7. 1999. Harry Potter had been in the world for a few years, but only recently become big. Suddenly it was the name on everyone's lips. Over-protective parents had been concerned by even more over-protective parents who denounced the series as witchcraft, and my sister's school required a permission slip from parents for the children to check the books out of the library. I was at high school by that point, and my friend Lara was reading Prisoner of Azkaban. My father bought a copy of the first three books to see for himself if he thought they were suitable for children, but he left them lying around in the living room, where anyone could pick them up. And by "anyone," I mean me. From the very first sentence, I was hooked. "Mr and Mrs Dursley, of number four, Privet Drive, were proud to say they were perfectly normal, thank you very much." Thus began an adventure that would continue for many years, many rereads, and an awful lot of speculation.
8. 2001-2003. My sixth form years will forever be associated with one thing: The Lord of the Rings. Until the first film trailer, Lord of the Rings was one of those weighty tomes that lived on every bookshelf but people didn't actually read - did they? I associated it with War and Peace. Then I saw the trailer before the first Harry Potter film, and decided that actually, it looked quite interesting. The first movie was released on the last day of the Christmas term, and the year 11 teachers booked a screening at Cineworld for the entire year group. I left the cinema and took down the weighty tome; I simply had to know what happened next. For the next two or three years I lived and breathed Lord of the Rings. My abiding memory of sixth form is of my circle of friends hogging the squashy chairs in the library, reading and rereading Lord of the Rings, talking about Lord of the Rings, writing Lord of the Rings fanfiction... you get the picture. And for the first time, I felt like I fitted in. I've always been a person with obsessions, and for once other people, even some of the cool people, shared my obsession. I found my niche and could for the first time revel in being a nerd, instead of being ashamed of who I was and conspicuously failing to fit in.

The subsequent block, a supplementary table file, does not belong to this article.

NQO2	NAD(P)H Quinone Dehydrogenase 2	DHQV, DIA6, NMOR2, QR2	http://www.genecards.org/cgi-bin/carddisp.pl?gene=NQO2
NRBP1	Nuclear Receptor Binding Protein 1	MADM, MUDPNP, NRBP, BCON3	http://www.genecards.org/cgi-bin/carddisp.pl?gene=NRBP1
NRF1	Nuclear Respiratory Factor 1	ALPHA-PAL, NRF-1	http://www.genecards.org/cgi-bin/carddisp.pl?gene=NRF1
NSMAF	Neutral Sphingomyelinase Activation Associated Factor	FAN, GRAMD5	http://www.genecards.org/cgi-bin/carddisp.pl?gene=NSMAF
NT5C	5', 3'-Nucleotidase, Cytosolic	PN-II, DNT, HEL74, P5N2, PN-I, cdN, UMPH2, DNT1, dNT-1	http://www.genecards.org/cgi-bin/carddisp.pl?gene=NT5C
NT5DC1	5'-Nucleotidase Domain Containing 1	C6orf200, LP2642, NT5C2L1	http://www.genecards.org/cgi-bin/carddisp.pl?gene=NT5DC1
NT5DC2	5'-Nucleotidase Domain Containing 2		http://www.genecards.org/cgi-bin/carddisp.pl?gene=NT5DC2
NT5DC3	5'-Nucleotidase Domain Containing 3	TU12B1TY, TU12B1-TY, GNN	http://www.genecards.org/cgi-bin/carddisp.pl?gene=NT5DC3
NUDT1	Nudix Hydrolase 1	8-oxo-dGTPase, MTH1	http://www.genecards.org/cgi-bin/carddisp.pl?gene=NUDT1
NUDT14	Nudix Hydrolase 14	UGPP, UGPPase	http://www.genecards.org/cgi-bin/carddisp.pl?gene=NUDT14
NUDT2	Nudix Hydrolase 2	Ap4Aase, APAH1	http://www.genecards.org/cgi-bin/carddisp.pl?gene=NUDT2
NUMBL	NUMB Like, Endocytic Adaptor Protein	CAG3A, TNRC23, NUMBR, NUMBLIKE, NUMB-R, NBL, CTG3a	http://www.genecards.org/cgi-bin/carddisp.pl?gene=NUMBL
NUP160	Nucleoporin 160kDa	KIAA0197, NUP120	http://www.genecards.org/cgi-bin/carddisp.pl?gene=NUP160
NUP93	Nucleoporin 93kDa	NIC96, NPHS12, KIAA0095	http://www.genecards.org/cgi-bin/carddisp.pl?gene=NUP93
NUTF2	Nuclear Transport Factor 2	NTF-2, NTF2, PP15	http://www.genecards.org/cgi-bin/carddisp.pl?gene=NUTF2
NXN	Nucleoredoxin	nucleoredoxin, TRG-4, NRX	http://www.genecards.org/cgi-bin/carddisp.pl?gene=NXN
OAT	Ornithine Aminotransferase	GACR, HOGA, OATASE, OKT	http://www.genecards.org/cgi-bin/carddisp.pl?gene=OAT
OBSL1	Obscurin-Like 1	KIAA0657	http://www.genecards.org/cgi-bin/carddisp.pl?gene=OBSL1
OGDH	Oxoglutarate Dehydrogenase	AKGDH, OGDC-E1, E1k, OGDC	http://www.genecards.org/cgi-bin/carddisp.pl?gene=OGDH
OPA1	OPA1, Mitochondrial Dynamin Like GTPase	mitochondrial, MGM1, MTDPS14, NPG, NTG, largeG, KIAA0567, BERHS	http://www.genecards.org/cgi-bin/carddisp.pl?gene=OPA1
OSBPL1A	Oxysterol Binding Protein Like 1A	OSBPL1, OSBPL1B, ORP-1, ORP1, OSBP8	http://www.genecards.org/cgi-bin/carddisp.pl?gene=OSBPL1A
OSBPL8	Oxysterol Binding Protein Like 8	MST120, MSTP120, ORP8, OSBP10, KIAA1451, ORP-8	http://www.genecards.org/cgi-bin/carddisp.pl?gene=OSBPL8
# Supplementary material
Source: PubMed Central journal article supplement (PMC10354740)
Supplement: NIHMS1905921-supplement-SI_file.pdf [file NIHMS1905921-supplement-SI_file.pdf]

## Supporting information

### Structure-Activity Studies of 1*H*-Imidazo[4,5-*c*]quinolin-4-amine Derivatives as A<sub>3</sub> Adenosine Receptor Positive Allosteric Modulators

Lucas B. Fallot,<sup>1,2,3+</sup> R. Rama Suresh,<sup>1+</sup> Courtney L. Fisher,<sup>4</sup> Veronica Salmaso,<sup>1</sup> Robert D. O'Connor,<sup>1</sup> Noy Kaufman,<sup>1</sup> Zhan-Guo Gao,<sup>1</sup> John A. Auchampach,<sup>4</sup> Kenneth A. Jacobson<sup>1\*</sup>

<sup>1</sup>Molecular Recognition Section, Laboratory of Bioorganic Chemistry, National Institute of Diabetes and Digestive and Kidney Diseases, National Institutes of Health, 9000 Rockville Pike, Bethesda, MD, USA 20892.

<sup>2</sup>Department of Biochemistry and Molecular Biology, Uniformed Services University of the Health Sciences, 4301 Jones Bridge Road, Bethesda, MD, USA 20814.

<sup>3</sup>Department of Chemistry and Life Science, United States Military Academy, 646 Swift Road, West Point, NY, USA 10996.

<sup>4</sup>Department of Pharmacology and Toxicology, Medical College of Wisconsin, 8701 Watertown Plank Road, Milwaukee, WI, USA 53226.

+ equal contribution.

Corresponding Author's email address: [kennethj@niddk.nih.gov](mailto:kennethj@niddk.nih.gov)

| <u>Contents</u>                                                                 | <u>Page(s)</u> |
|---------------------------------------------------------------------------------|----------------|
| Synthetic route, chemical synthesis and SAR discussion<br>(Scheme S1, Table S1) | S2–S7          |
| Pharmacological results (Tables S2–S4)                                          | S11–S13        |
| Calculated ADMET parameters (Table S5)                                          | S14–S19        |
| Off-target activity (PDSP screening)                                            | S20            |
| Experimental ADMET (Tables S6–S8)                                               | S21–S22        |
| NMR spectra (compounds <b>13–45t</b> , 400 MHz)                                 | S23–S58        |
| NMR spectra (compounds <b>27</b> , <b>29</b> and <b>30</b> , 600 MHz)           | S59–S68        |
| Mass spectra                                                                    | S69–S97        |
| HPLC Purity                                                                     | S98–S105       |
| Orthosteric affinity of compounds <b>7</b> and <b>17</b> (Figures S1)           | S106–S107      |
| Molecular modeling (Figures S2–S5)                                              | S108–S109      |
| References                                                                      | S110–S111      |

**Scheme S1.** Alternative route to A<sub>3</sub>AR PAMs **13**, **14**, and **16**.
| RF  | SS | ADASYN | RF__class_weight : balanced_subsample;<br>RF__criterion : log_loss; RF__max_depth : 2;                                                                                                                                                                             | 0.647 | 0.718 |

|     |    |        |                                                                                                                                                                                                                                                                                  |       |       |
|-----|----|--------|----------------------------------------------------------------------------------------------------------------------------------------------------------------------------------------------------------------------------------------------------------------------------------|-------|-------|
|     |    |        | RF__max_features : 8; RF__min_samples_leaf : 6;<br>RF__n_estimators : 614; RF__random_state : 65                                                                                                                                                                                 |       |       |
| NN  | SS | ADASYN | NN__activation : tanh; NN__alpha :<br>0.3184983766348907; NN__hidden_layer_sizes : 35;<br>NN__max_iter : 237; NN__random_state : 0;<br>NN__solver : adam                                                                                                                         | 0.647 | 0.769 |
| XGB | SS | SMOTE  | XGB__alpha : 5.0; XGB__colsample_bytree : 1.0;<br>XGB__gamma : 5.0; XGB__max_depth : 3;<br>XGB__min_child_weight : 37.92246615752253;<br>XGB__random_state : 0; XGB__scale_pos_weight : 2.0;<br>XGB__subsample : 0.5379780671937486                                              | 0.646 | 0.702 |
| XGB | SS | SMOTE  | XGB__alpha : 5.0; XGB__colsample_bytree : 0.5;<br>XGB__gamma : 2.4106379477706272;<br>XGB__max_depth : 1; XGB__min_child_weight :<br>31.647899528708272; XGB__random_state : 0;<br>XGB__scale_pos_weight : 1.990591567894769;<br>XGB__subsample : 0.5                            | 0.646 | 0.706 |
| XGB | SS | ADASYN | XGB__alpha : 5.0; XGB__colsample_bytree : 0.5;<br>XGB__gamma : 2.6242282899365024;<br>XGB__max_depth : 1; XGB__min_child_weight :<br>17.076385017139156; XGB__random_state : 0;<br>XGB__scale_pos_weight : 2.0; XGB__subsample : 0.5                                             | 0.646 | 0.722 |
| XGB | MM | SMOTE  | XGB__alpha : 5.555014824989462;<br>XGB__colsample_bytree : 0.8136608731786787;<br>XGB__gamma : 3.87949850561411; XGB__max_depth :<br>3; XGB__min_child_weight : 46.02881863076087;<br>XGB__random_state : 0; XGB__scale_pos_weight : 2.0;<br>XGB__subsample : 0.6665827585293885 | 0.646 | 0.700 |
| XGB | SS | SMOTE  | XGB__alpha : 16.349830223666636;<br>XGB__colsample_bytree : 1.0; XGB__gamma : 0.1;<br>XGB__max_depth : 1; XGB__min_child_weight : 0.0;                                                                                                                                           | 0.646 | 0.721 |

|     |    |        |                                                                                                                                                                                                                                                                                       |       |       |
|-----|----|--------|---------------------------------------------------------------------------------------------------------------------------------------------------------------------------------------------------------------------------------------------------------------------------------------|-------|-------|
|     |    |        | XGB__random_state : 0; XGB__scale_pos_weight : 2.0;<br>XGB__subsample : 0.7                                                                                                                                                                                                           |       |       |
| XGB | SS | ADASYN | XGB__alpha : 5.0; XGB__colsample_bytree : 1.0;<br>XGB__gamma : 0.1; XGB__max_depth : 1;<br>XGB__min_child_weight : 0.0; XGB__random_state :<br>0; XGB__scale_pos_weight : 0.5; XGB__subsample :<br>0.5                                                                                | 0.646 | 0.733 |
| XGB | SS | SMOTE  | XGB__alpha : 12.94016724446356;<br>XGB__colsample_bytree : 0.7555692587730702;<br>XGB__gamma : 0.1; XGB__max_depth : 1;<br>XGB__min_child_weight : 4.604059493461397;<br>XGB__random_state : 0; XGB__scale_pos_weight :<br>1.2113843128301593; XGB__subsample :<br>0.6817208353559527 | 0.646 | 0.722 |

9. 2007. When I arrived home from university, by some chance I discovered that me, my best friend Judith and two other friends (Cat and James, then a couple) had all been reading the same book series: Robin Hobb's Assassin series. So we decided to hold an informal book club - which consisted of going to the pub, beginning discussing where we had got to in the series, predictions and opinions, and generally wandering off-topic more often than not. I recall one summer evening taking wine and cheese to a picnic area near the beach and very much not discussing the books, but nonetheless, book club it remained. Alas, now Cat and James are no longer on speaking terms or living near us, but Judith and I from time to time revive the old book club, recently reading American Gods and last year working our way through A Song of Ice and Fire. And a healthy amount of wine.
10. Present. I confess I find it very enjoyable to watch other people's reactions to big moments in books I've already read. Last year in our aforementioned Song of Ice and Fire readathon, there were a couple of times I got ahead of Judith, and it was with a certain amount of smugness that I listened to her speculations about what was going to happen next. She began reading a certain chapter (those who have read it will know which chapter I am referring to, while those who are going to are none the wiser) one afternoon when we were at the beach. She put the book down halfway through that chapter, and did not resume until three days later! The suspense was almost as unbearable as the incident in question. I was waiting for her anguished "MARTIN!!!!" text message for three days. And when it finally arrived, it was very satisfying indeed. Mark Oshiro's blog Mark Reads is great for that, as he goes into popular books with no prior knowledge, reviewing them one chapter at a time. The comments, too, make for excellent in-depth discussion of the books in question, but read them at your own risk.